Guest Post: Education is often called the great equalizer in the United States, where every child has a chance to achieve their dreams by getting a high-quality education. Unfortunately, this is far from the truth as anyone working in education will tell you.
The Challenges of Poverty
Despite spending approximately $800 billion/year, about seven times more than other developed countries, U.S. students consistently underperform students from other countries. Children from lower socio-economic backgrounds tend to fair the worst, with significantly lower reading and math skills. What’s more, school districts are generally funded by local taxes, which means that poorer neighborhoods tend to receive less funding than more affluent ones.
Despite structural challenges that make getting a quality education difficult for low-income students, teachers still need to deliver engaging educational content that captures their students’ attention and drives educational outcomes. Of course, that’s sometimes easier said than done. To help teachers overcome these obstacles, it’s important to understand what exactly the challenges are to develop an approach that works.
Let’s take a closer look at some of the obstacles preventing low-income students from achieving and some of the approaches that can help put them on a path to success regardless of their socio-economic background.
How Education Impacts Quality of Life
Just as hailing from a lower socio-economic class can impact the quality of education a student receives, the quality of education also has an impact on a person’s quality of life over time. Many studies have linked a person’s education level to their long-term health, employment status, and lifetime earnings.
Educational attainment also leads to healthier lives. Those who reach higher levels of educational achievement are healthier than those who don’t. One study, for example, found that adults without a high school diploma were 15 percent more likely to develop diabetes. Other studies have linked low education with shorter life expectancy.
Disparities like these make it essential for teachers to do everything within their power to produce positive educational outcomes in their classrooms. Even if they can’t see the impact today, it’s clear that the better students do, the healthier they are in the long term.
Factors that Contribute to Poverty
Poverty in many places is a generational problem; just as wealth can be passed down from generation to generation, so too does poverty. There are a wide variety of predictors that contribute to this, but race in particular is a key predictor of poverty. For example, one landmark study by the National Center for Children in Poverty, found that only 17 percent of Caucasians born to low-income families remain in poverty as an adult, while approximately 42 percent of African-Americans born into poverty remained poor as adults.
There are many reasons why this is the case. Chief among them are:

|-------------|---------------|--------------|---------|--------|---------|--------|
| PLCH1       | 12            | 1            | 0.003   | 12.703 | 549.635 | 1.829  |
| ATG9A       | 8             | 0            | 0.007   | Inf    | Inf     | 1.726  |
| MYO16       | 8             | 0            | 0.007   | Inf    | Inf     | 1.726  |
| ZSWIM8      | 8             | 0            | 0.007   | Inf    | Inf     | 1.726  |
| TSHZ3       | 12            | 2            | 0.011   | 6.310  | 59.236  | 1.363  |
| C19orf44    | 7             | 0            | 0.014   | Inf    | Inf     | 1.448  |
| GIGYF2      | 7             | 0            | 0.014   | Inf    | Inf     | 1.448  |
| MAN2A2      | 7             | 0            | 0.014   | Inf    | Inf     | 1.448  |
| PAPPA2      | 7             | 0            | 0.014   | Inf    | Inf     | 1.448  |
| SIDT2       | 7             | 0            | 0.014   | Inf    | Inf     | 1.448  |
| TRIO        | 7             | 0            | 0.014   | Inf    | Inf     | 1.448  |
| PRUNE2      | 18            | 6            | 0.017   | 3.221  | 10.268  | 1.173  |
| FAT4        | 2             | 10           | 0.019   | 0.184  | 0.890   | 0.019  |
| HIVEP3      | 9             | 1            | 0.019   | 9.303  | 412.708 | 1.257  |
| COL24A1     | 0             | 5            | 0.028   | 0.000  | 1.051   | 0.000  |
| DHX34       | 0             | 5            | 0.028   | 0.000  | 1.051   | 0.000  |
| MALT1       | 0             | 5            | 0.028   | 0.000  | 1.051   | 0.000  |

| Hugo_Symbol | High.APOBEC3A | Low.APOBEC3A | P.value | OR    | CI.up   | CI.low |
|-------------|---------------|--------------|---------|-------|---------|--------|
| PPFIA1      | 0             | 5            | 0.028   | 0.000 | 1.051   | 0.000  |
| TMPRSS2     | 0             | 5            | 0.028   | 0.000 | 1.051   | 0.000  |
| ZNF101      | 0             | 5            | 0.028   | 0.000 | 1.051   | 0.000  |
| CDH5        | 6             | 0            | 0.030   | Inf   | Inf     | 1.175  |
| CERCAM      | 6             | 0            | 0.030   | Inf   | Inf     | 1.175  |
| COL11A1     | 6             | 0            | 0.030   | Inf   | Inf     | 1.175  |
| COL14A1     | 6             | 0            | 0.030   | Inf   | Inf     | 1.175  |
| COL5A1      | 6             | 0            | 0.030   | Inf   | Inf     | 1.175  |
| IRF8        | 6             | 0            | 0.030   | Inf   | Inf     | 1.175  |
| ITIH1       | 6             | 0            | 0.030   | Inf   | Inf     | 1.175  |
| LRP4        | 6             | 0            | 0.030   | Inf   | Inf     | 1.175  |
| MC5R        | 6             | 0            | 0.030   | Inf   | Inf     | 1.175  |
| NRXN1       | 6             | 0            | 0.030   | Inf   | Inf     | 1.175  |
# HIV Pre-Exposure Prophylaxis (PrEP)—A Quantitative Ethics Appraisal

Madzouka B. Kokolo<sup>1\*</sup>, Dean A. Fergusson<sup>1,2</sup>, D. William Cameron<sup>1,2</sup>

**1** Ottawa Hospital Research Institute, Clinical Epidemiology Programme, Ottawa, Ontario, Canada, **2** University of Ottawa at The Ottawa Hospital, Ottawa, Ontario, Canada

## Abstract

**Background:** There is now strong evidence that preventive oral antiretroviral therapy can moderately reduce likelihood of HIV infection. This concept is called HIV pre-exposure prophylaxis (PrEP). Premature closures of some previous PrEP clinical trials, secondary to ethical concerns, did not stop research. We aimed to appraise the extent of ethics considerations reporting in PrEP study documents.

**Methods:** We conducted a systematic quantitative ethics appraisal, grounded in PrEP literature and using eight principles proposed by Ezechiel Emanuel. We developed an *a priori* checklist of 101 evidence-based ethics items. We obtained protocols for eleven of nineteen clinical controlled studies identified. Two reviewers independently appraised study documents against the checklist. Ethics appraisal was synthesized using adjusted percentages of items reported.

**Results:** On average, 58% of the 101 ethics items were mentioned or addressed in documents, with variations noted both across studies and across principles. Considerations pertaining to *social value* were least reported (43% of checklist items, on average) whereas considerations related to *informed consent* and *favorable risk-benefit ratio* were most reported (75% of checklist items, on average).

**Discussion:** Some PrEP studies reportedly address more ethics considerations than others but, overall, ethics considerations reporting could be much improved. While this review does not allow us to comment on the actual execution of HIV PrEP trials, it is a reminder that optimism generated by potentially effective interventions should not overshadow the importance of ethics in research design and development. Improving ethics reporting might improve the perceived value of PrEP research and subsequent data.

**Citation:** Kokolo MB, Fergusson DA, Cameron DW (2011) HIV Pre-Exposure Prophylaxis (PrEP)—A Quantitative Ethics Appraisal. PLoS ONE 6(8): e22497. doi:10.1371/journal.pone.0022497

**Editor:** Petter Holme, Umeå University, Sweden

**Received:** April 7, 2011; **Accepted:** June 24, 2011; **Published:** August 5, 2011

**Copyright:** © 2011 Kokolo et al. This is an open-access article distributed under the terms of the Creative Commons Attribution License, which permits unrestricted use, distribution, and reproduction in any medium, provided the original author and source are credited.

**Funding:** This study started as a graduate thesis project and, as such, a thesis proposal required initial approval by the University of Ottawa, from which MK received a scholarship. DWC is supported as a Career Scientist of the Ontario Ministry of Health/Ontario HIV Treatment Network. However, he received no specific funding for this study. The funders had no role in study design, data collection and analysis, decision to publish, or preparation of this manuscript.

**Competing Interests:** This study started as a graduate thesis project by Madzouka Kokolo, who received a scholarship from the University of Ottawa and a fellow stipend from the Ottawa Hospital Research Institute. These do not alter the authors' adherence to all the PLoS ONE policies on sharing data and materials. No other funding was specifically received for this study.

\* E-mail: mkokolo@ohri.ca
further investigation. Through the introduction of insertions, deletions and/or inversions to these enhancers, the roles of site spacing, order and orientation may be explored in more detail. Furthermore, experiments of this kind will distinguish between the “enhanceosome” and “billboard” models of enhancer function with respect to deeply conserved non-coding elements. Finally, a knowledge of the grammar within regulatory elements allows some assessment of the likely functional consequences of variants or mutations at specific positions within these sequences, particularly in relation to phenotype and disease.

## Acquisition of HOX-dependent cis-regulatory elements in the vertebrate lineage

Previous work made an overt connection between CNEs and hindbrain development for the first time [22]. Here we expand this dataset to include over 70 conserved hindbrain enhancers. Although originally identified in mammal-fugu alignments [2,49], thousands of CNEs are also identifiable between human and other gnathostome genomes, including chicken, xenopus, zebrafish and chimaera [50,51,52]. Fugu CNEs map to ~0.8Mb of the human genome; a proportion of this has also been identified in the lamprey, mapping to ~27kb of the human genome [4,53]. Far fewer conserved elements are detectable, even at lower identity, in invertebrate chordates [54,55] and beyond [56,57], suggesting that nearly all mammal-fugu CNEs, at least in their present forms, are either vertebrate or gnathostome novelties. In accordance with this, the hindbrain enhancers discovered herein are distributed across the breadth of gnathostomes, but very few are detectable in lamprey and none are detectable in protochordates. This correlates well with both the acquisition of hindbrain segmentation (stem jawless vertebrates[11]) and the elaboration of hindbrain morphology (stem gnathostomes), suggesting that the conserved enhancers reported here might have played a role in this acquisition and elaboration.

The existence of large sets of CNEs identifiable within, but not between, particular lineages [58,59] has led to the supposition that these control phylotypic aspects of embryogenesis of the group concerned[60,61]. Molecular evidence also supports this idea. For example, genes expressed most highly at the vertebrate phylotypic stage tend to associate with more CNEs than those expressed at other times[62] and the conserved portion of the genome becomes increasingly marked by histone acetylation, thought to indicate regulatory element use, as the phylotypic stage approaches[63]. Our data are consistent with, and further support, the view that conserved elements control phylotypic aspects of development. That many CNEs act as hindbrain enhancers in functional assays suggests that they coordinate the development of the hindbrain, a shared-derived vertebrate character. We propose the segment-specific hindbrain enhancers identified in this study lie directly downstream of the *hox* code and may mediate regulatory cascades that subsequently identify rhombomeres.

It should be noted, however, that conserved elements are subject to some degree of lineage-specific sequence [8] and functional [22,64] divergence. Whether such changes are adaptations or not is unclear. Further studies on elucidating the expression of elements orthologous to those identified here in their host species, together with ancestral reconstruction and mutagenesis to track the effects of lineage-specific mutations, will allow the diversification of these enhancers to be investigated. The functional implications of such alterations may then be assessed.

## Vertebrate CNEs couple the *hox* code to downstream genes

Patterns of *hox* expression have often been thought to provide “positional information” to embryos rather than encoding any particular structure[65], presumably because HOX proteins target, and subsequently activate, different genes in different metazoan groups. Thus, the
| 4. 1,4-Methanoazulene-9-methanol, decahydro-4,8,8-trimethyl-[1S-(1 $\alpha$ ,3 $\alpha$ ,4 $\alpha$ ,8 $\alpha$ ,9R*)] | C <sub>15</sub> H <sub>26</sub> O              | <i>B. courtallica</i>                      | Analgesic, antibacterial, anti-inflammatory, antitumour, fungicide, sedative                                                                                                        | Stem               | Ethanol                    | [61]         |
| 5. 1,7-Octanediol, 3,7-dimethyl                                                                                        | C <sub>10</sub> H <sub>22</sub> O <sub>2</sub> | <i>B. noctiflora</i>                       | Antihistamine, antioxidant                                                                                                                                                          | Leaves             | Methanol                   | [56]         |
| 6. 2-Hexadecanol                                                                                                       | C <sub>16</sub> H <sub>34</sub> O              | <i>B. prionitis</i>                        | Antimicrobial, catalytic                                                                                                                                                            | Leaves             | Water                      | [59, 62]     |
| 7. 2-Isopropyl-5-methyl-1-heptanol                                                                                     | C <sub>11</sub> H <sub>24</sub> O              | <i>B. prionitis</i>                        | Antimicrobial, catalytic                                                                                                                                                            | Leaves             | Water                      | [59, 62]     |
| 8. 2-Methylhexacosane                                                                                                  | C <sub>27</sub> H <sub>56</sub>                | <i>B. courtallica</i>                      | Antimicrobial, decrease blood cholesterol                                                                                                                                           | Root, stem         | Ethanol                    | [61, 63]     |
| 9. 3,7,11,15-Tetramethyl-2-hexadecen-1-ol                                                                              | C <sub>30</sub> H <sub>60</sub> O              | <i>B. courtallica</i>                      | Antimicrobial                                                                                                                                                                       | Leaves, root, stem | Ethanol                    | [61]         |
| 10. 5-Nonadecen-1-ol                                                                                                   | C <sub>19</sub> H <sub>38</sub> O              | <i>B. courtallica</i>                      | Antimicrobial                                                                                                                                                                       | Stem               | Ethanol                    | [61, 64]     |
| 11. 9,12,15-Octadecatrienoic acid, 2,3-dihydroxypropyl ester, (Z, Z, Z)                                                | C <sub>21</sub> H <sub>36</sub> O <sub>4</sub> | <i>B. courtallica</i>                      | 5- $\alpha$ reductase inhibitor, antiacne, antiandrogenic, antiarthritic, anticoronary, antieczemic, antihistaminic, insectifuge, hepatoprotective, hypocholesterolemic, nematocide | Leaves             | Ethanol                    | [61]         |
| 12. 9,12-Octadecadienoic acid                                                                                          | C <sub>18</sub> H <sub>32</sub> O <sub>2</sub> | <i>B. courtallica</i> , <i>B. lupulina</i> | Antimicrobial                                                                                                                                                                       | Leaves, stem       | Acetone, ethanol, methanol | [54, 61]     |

- Lack of available jobs
- Lack of education
- Conflict or warfare
- Lack of food and nourishment
- Lack of infrastructure
- Poor access to healthcare
Of course, poverty is a very complex issue, and these are just a few factors that contribute to a student’s academic performance.
Common Obstacles for Students from Low-Income Families
Students from low-income families often face a number of challenges that more affluent students do not face. All of these significantly contribute to academic underperformance. Some of the main obstacles include:
Lack of school supplies:
Poorer students have trouble getting access to the tools they need to learn, including paper, pencils, notebooks, and computers.
Not getting enough sleep:
Often, low-income students don’t get enough sleep, which impacts their ability to focus in the classroom. The reasons for this are varied, but they can include having to work, caring for siblings, and having to do more household chores.
When a person doesn’t get enough food or nutrients, their cognitive development suffers. Eating enough can be a particular challenge for low-income students, which is why school meal programs are essential.
While these may be the reality for many low-income students, there are ways to provide them with the much-needed care they need in the classroom so they can continue to learn and grow.
Bridge the Gap With Inclusive Classroom Activities
For teachers, adding multimedia content to lessons can not only liven up the classroom but also deeply enrich the learning experience that help bridge the gap in underfunded education systems.
While students attending schools with better funding often benefit from things like field trips, students at poorer schools often have to go without. Adding multimedia content can be a good substitute for those types of learning experiences.
Here are a few examples of how teachers can infuse lessons with more engaging content that takes the student out of the classroom (virtually, at least):
- Embedded videos into classroom presentations
- Virtual video tours of museums and famous historical sites
- Personalized videos and other custom content
While many students may not be able to get first-hand experience, videos often give students access to things they’ve never been exposed to before.